Most states have a form of capital gains tax, so this is not revolutionary. Given that capital gains are volatile, the annual collection could also vary widely. In the short term, asset sales may increase to avoid this tax.

On another positive note, Google said they will stop tracking us across the web using cookies or third party identifiers. Instead, they will use bread crumbs, which are more effective. OK, that last sentence was tongue in cheek. I will believe that when I really stop seeing ads for a product non stop for 10 days after I had just purchased it online. This could be momentous or a dud based on how much Google keeps to it’s promise.

Categories
Business Finance Technology

Ain’t a Snowflake

A snowflake is a political insult for someone who is perceived as too sensitive. This post is not about that.

Snowflake, the Bay Area company could become the largest software IPO of all time. It starts trading tomorrow.

It was initially priced between $75-$85, upped to $100-$110 and again upped to $120. At that price, it would be valued ~ $40B. Some banks are going to make a killing.

I started hearing about Snowflake a few years ago when a few data oriented startup companies mentioned them often. They were compared with Looker. Looker was acquired by Google in 2019 for $2.6B.

The other interesting tidbit was that Bob Muglia, an ex Microsoft veteran who last ran Server and Tools served as CEO for this company for three years until he was ousted in March 2019. His ouster apparently came a week after he said that Snowflake didn’t have to IPO soon as it had a ton of cash at hand. The guy who founded ServiceNow is now the CEO. Talk of the Hot Hand. On that note, the new book Hot Hand by Ben Cohen is a good read.

They had revenue of $265M last year, a 173% growth. NRR was 158%. It makes sense that NRR is that high. Being a complex data integration project, it’s hard for a customer to switch to another platform quickly.

Snowflake’s data cloud platform breaks down data silos, enabling customers to consolidate data into a single source of truth to drive meaningful business insights, build data-driven applications, and share data, delivered through a customer-centric, consumption-based business model, only charging customers for the resources they use. Snowflake allows companies to use/access data across the big three public cloud computing vendors AWS, Azure and Google Cloud. Snowflake is a customer and competitor to the large public cloud vendors, but their respective offerings don’t offer the agnostic cross platform capability, so its independence is a key differentiator.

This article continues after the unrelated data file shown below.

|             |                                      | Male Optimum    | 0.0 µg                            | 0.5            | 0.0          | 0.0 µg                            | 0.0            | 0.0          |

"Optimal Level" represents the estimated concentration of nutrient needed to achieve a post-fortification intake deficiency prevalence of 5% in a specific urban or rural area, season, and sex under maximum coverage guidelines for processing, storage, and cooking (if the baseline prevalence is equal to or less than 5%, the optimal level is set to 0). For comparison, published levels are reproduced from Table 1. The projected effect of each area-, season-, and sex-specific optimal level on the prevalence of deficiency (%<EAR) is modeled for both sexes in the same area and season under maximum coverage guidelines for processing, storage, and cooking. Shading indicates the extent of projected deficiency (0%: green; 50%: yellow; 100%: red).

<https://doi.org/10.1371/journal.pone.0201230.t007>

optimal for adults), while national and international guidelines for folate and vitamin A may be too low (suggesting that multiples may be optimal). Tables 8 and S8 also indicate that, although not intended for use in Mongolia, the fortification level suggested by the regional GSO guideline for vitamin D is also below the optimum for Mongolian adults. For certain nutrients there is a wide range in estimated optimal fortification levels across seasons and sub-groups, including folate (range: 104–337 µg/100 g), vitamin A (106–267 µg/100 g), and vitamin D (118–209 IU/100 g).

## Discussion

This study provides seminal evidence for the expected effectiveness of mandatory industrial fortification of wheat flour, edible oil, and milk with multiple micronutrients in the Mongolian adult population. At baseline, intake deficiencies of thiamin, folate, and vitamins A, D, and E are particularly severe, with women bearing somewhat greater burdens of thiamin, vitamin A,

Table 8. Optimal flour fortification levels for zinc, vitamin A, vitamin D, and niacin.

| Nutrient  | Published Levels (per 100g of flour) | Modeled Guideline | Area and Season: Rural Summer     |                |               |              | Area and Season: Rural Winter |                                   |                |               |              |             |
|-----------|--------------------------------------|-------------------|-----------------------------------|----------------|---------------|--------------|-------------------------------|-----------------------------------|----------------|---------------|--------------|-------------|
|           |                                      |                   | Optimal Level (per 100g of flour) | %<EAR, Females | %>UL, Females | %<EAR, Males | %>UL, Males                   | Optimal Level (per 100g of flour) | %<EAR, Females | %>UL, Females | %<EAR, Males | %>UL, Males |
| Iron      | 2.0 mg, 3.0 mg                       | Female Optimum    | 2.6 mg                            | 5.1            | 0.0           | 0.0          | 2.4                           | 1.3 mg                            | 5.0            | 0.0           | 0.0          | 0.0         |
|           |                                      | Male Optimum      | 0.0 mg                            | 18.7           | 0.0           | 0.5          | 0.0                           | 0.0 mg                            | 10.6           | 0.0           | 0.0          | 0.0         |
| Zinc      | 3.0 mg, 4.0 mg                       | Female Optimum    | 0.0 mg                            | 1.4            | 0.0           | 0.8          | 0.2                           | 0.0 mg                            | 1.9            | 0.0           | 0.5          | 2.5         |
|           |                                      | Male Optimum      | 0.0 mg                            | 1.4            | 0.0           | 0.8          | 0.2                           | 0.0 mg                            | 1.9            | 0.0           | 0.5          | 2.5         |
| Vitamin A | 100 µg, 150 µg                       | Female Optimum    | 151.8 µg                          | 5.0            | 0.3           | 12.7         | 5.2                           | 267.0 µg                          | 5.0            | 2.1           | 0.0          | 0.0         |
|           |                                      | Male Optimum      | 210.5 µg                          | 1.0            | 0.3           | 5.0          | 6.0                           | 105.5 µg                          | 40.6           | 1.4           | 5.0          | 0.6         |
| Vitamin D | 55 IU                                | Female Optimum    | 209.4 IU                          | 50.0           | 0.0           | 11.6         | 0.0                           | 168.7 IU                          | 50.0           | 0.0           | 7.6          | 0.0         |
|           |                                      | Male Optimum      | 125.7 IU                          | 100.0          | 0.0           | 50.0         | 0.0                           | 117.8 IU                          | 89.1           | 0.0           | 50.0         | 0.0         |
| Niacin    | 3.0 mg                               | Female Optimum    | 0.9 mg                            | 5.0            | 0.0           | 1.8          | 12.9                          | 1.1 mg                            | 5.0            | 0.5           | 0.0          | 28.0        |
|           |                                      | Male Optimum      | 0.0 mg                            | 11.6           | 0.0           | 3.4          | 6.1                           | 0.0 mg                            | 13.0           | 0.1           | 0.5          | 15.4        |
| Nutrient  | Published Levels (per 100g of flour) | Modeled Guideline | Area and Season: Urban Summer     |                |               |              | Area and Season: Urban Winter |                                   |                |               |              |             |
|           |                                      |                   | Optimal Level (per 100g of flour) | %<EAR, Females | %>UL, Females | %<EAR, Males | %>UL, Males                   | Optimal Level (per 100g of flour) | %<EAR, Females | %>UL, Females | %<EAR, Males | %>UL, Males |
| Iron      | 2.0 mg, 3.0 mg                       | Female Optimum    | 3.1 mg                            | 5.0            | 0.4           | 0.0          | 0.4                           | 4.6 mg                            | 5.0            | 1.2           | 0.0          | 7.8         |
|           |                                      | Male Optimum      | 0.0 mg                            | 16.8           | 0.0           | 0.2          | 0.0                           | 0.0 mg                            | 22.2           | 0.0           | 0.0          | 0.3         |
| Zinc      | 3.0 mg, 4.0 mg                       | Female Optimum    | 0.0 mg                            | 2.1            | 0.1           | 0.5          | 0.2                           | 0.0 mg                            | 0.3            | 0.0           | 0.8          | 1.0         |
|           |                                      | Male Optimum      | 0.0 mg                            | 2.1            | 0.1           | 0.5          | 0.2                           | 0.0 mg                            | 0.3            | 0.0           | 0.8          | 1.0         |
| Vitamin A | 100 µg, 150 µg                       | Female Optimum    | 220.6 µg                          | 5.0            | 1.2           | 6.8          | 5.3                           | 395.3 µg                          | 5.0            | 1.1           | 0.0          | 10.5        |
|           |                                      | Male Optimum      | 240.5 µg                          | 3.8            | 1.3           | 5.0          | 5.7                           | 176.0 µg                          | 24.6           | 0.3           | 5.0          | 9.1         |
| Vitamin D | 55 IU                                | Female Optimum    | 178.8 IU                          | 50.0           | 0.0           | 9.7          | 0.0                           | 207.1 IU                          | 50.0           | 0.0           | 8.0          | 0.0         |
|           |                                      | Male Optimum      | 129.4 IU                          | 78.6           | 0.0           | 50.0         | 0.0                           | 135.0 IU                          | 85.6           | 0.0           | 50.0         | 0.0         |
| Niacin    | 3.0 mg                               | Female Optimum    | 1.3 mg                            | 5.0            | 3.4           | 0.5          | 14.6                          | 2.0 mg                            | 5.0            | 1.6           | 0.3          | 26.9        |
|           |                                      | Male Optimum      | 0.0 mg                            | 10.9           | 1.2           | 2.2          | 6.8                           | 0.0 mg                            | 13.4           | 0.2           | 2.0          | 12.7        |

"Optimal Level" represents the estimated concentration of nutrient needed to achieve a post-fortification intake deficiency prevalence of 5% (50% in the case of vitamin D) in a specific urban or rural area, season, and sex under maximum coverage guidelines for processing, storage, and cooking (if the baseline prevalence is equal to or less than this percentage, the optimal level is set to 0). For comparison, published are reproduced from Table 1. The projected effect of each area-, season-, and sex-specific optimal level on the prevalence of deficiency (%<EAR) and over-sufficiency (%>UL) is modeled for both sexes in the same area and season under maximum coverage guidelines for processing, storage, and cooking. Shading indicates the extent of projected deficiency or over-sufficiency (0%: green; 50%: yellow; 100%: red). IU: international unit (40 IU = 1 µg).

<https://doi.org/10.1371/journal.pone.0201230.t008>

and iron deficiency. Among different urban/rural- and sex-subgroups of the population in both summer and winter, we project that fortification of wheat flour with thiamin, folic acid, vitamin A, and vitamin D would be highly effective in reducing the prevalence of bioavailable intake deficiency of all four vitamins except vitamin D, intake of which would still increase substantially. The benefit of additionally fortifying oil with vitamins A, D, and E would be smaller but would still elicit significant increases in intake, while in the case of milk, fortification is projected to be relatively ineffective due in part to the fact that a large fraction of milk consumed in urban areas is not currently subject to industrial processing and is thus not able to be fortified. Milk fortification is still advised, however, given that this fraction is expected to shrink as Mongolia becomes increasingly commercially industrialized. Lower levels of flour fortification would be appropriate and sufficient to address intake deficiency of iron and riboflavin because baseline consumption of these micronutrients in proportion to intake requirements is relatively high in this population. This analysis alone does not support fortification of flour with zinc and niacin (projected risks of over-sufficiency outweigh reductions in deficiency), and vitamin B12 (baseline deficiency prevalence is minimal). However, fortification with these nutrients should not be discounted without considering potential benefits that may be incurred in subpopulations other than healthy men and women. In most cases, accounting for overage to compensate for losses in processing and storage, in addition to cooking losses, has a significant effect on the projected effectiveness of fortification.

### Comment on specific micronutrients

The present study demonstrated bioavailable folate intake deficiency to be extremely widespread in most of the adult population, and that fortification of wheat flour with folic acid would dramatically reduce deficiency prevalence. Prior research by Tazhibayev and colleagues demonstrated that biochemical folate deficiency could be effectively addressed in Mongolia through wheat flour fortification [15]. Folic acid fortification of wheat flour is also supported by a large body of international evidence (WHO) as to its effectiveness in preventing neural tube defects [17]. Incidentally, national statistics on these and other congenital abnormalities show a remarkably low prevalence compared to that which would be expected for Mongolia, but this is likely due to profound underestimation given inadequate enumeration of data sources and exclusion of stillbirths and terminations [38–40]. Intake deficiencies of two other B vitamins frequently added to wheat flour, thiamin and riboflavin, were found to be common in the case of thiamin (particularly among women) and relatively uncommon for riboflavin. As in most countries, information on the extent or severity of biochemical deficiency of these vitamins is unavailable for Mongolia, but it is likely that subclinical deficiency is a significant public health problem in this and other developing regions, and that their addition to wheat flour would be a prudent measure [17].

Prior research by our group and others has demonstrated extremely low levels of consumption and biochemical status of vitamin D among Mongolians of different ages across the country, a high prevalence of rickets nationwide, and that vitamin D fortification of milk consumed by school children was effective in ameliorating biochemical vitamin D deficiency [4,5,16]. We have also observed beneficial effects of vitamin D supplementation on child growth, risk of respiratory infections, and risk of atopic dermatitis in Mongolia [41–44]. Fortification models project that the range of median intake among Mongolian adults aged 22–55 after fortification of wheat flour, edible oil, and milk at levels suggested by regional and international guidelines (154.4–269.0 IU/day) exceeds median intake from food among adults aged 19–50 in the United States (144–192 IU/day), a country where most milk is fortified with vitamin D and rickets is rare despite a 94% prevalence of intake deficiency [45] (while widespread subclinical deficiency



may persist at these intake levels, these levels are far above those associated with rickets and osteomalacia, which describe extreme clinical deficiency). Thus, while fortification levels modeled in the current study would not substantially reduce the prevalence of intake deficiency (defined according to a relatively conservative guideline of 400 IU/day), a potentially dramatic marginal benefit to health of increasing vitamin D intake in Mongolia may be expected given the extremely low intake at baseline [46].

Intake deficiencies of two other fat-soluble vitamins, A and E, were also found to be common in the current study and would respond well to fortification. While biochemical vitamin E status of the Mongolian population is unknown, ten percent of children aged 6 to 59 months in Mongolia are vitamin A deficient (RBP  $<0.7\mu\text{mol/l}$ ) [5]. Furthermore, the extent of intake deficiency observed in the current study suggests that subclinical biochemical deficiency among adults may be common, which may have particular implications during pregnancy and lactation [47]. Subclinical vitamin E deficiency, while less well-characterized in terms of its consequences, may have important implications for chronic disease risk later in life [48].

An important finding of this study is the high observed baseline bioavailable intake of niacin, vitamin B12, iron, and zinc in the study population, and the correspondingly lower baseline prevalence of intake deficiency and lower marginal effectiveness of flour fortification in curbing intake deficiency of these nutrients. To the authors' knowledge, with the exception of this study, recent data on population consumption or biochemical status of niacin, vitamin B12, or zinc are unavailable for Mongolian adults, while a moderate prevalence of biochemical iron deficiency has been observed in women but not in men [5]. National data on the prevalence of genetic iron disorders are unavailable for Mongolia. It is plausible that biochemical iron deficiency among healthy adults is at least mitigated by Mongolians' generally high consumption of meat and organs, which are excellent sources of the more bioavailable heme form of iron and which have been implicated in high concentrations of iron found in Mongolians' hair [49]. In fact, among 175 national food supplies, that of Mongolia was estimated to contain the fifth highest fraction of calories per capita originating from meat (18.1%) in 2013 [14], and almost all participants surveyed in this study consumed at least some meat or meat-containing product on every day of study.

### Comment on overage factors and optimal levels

Berkshire and Salesforce are each buying $250M in the offering. Convincing Berkshire to buy in the offering is indeed a coup.

If it opens at $200 / share, that would be like 100x sales.

If you are one of the lucky ones to get an allocation, hold onto it. Chasing this one is likely to take a strong gut.

Let it Snow! Let it Snow!

While Main Street is hobbling, tech IPOs and Wall Street are humming. The tale of two Americas.

Categories
Finance Politics Wall Street

Corona Virus | Crash of 2020 | Liz Warren

The corona virus (COVID-19) is front page news across the world. Originating in Wuhan, it has now caused quite a havoc in the globe. Thousands of folks in Wuhan province are dead and less than a hundred rest of the planet.

China seems to have effectively shut down and has undertaken extreme quarantine in Hubei province. That has caused a disruption in the global supply chain.It took a while for big companies and Wall Street to realize it. Eventually on Feb 23/24 the market adopted a risk on mode and sold off substantially. But some folks had been warning that the bull market since 2009 was getting too ahead of itself and asked people to raise more cash. I did a little bit of that, but not enough as I think about it on the evening of Feb 25 2020.

Last Saturday, my wife and I attended a rally for Elizabeth Warren. Her debate performance impressed us a great deal and we decided to check her out in person. There was a huge crowd at the Seattle Armory. It was a nice feeling to stand in line with a diverse, peace loving, polite crowd. The “Dream Big, Fight Hard” chants drowned out a guy, who persisted in reading from some religious text, the origins of which I was not curious about. We had to settle for the overflow room and a big screen to watch and hear her. Elizabeth Warren is very articulate, knowledgeable, and a gracious person. As I write this, I am not sure if she will make the nomination, but hope we shall. In a few hours, there will be another debate from South Carolina. Let’s hope her fortunes continue to improve.

Trump visited India this week. I’m really appalled by the over the top red carpet treatment that Modi threw for him. It was big let down.

Meanwhile, Cheers on Netflix keeps us going to bed smiling.